In 2008, a group of Jewish Democratic political operatives had an idea: If young Jewish voters traveled to Florida, they could convince their hesitant grandparents to vote for Barack Obama, thus ensuring a win in the vital swing state.
Comedian Kevin Hart was bumped from hosting the 2019 Oscars for years-old homophobic tweets.
As Devorah Halberstam, a prominent local activist, drives through Brooklyn’s Crown Heights neighborhood in her white 2017 Acura, she grows increasingly animated.
As Israeli elections near, Moment looks at the history of political slogans in the country’s elections. From Mapai to Rabin, Netanyahu and Benny Gantz.
n the 1946 film The Big Sleep, based on the Raymond Chandler mystery of the same name, Carmen—the promiscuous, drug-addicted younger sister of Lauren Bacall’s character—sizes up Philip Marlowe, played by Humphrey Bogart, and asks him, “What are you, a prizefighter?” Bogart responds, “No, I’m a shamus.” “What’s a shamus?” she inquires. “It’s a private detective,” he answers. Yes, Bogart is using the Yiddish version—more popularly spelled “shammes”—of the Hebrew word, “shamash.”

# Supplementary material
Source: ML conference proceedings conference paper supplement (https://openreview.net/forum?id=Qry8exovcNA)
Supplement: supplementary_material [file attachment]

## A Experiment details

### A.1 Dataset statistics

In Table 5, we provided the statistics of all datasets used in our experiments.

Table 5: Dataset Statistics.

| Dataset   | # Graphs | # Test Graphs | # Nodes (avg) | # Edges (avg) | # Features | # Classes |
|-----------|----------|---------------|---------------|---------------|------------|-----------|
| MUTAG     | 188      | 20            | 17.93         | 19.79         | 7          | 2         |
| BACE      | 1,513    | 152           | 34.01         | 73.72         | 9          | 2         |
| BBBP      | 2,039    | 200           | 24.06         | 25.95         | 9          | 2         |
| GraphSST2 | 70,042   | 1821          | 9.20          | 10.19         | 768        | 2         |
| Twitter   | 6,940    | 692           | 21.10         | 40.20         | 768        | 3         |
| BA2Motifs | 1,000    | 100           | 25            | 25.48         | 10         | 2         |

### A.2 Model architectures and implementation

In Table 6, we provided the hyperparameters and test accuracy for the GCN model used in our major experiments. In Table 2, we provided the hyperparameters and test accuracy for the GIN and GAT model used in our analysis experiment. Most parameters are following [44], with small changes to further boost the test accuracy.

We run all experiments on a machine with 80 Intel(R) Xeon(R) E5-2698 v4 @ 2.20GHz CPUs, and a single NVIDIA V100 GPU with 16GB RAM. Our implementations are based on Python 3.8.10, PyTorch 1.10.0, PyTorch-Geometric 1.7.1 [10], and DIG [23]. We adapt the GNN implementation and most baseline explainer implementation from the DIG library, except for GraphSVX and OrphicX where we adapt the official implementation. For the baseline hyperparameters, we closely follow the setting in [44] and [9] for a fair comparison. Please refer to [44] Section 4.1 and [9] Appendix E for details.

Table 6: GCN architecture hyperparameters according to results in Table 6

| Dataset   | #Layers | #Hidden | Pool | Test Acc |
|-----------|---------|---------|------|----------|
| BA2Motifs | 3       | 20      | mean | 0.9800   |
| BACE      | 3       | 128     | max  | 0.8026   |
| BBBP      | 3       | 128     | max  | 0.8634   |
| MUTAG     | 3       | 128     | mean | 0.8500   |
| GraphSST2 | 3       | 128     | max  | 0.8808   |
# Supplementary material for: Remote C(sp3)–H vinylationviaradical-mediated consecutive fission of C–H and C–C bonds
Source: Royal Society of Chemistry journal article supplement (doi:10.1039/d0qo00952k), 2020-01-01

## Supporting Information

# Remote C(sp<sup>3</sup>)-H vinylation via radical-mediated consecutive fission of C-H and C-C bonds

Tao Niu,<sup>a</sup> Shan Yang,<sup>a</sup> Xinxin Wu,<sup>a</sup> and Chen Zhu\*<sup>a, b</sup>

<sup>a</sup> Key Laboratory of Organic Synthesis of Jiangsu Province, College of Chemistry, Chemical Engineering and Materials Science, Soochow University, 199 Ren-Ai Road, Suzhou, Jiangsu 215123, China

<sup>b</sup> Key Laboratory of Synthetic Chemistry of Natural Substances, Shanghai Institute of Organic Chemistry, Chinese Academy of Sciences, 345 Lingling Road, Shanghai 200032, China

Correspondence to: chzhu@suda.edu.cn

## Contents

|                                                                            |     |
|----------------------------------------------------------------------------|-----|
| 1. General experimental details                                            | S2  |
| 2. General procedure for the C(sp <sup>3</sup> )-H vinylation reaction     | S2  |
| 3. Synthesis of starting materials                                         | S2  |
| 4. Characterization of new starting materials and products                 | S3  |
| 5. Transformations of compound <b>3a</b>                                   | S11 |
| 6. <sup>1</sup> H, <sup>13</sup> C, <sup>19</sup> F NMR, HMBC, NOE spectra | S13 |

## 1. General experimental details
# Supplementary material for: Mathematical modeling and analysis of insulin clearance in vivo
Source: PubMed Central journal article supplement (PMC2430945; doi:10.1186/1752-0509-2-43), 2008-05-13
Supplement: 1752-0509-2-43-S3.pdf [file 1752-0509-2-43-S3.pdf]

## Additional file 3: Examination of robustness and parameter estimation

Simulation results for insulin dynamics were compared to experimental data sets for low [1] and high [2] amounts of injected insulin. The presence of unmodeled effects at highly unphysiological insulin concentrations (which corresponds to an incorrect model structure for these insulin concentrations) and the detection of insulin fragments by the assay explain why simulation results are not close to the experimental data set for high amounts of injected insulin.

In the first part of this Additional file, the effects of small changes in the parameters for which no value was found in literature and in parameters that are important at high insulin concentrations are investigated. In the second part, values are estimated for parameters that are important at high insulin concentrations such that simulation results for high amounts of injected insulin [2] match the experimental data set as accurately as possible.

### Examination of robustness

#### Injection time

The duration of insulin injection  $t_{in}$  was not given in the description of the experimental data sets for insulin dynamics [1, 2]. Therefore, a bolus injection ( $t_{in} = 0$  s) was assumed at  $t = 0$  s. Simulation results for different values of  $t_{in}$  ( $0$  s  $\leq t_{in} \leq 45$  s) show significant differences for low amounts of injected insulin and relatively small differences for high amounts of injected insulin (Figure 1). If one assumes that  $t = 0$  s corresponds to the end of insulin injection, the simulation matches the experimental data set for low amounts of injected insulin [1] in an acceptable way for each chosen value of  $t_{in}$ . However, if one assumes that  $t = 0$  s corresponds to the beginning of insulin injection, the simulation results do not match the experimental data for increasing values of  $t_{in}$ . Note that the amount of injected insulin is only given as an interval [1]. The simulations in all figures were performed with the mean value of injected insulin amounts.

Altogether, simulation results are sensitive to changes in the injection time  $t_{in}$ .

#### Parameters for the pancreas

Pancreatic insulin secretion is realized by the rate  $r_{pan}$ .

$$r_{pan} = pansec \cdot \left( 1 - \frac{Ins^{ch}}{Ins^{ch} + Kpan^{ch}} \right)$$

This past spring, Trayon White Sr., a Washington, DC city councilmember, sparked an outcry by blaming a late season snowfall on the Rothschilds, the famous Jewish banking dynasty, who, he explained, control “the climate to create natural disasters they can pay for to own the cities.”
During his presidential campaign, Donald Trump proclaimed at a rally that Hillary Clinton “got schlonged” in the 2008 primaries. Schlong, when used as a noun, is a Yiddish word for penis—and a pretty vulgar one at that. But when used as a verb, is it even a word?
It’s hard to escape the OMGs and LOLs of today, but don’t blame millennials—acronyms actually originated thousands of years ago with the development of the ancient Hebrew alphabet. Around the 10th century BCE, Hebrew letters emerged out of ideographic pictures and, soon after, groups of letters started to be used in place of frequently recurring words.